Apple today launched the first beta of Safari 4, the new version of its web browser for both Windows and Mac OS X computers.
The Safari 4 Beta is available for download from Apple’s Web site; it will set you back about 107MB of disk space. I gave Safari 4 a spin, and while I noticed quite a few elements ‘borrowed’ from Google’s Chrome browser, I was impressed with Apple’s offering.
One of the most noticeable changes is the new Top Sites feature, a page that displays your most visited or favorite sites. It can be configured as either your home page or as a page you see every time you open a new tab.
Chrome offers a similar feature, but Apple’s iteration offers more eye candy, with a 3D display and its iPhone-like ability to rearrange sites. Pages that have been updated since you last visited them, will be marked with a blue star in the corner.
Safari 4’s title bar also gets a Chrome-like look, with new tabs displayed there, instead of in a traditional tabs bar under the address field–making better use of your screen real-estate.
Tabs can be rearranged, or you can drag them out and create new browser windows. And, as in previous versions, Safari 4 can merge all of your open windows into one multi-tabbed window.
Your browsing history is now brought to life with Cover Flow, so you can flick through your recently visited Web pages like you do with your album art in iTunes.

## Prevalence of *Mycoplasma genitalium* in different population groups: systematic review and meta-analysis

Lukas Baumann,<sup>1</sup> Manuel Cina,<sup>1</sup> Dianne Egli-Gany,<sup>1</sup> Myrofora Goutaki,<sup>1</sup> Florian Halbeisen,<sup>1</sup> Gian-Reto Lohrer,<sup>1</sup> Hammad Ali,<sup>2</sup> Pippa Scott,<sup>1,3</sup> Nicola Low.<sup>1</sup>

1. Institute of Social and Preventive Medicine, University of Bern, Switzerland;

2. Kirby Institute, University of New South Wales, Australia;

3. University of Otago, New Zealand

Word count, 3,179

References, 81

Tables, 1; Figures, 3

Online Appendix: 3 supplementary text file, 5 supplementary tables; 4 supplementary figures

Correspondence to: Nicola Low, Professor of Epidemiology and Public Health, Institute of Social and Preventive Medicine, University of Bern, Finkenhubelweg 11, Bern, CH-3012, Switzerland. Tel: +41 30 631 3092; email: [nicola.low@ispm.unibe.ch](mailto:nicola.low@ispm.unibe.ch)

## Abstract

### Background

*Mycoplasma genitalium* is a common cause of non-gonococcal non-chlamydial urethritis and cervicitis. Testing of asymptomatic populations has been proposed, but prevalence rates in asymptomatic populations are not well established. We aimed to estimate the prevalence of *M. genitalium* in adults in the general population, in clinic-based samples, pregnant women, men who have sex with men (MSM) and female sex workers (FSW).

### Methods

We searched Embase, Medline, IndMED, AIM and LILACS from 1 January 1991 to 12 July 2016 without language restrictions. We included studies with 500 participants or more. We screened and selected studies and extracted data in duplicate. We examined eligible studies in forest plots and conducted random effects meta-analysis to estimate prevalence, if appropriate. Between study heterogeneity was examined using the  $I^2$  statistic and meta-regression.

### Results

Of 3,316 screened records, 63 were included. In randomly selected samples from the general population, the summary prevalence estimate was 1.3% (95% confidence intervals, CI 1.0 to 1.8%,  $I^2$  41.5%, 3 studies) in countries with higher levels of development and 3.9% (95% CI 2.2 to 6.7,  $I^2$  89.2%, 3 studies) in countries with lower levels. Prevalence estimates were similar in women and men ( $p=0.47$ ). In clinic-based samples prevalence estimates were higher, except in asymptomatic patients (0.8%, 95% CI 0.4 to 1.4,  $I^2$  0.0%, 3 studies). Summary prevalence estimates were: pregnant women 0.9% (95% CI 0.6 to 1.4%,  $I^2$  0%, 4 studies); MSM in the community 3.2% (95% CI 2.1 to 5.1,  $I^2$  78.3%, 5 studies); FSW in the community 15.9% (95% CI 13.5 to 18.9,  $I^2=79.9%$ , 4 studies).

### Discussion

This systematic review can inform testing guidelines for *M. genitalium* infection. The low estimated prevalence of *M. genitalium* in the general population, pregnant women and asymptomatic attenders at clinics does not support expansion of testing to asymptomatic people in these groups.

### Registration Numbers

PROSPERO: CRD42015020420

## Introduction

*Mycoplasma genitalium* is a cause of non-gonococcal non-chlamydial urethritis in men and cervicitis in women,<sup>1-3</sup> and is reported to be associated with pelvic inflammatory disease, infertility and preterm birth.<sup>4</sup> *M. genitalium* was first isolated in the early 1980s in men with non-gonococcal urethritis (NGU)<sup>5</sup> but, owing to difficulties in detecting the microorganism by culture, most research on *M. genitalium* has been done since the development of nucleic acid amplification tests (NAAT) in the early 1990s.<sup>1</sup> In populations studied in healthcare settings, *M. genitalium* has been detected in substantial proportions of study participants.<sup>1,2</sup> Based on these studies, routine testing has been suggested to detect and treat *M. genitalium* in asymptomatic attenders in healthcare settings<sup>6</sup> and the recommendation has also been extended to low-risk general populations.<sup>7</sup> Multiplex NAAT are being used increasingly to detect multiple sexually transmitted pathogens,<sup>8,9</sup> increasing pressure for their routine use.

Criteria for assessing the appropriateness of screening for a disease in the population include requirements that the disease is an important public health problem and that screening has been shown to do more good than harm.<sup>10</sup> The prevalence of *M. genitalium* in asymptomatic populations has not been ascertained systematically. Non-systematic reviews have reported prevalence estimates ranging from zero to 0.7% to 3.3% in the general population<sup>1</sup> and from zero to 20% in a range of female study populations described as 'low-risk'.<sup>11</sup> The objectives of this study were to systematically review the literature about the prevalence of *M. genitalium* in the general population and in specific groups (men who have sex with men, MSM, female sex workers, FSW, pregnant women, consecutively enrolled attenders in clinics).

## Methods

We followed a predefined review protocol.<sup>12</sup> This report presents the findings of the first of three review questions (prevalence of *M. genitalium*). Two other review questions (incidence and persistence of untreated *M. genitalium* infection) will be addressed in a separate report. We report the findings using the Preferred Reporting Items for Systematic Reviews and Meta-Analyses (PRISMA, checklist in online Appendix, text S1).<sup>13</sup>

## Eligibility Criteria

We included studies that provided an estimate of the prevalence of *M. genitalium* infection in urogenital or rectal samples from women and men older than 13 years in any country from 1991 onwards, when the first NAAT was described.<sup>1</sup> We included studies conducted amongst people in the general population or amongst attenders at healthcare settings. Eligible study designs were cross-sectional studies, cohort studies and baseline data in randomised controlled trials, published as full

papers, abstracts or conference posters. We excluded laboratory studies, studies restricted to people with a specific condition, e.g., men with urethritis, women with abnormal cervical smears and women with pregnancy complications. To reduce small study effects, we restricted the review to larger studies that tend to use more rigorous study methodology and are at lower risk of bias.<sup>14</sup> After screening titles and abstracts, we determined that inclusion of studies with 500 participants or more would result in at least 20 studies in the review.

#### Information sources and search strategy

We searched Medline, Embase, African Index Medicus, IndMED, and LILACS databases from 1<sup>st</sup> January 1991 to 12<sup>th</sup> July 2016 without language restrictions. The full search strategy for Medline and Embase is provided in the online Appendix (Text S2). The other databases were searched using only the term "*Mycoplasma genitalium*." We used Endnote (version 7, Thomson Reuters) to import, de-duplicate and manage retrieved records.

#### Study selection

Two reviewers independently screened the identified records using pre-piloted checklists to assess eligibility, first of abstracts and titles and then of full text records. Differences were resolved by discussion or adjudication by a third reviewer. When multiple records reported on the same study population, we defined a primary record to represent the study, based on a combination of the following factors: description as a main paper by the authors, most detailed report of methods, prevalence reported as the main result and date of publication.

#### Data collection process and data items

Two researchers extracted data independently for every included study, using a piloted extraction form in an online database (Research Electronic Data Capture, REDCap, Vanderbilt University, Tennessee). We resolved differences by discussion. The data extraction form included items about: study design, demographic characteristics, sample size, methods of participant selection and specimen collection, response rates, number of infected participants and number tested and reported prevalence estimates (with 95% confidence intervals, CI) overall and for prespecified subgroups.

The new Full History search feature can prove to be extremely useful, as it goes through all of the pages you have previously browsed and the text they contain. If you know you saw a certain term somewhere, but you can’t remember where, you can simply search for it, and all pages containing it in their body text and name will be displayed.
The Smart Search Field in Safari 4 is now integrated with Google Suggest, and one you start typing, the field suggests search strings. This means you’ll no longer need Safari plugins, like Inquisitor, to get this kind of functionality.
The Full Page Zoom feature lets users zoom in and out on a page (by using keyboard shortcuts or menus) without distorting a page’s layout or losing quality. Mac users were able to perform a similar task before, but now it’s available to both PC users, too.
Safari 4 also includes HTML 5, a technology that allows wed-based applications to store information locally without an Internet connection.
I really like the new version of Safari. It definitely feels faster–an improvement that alone should give headaches to Microsoft and Mozilla. Add in the other nifty features and eye-candy Safari 4 brings, like Cover Flow, and this browser should give them plenty to think about.
Even though some of Safari 4 new feature seem like they are borrowed from competitors’ applications, it clearly sets itself apart as a top-class Web browser.
Meanwhile, if you would like to browse the Internet, iTunes style, you can download the Safari 4 beta from Apple’s site. After you do, come back and tell me what you think.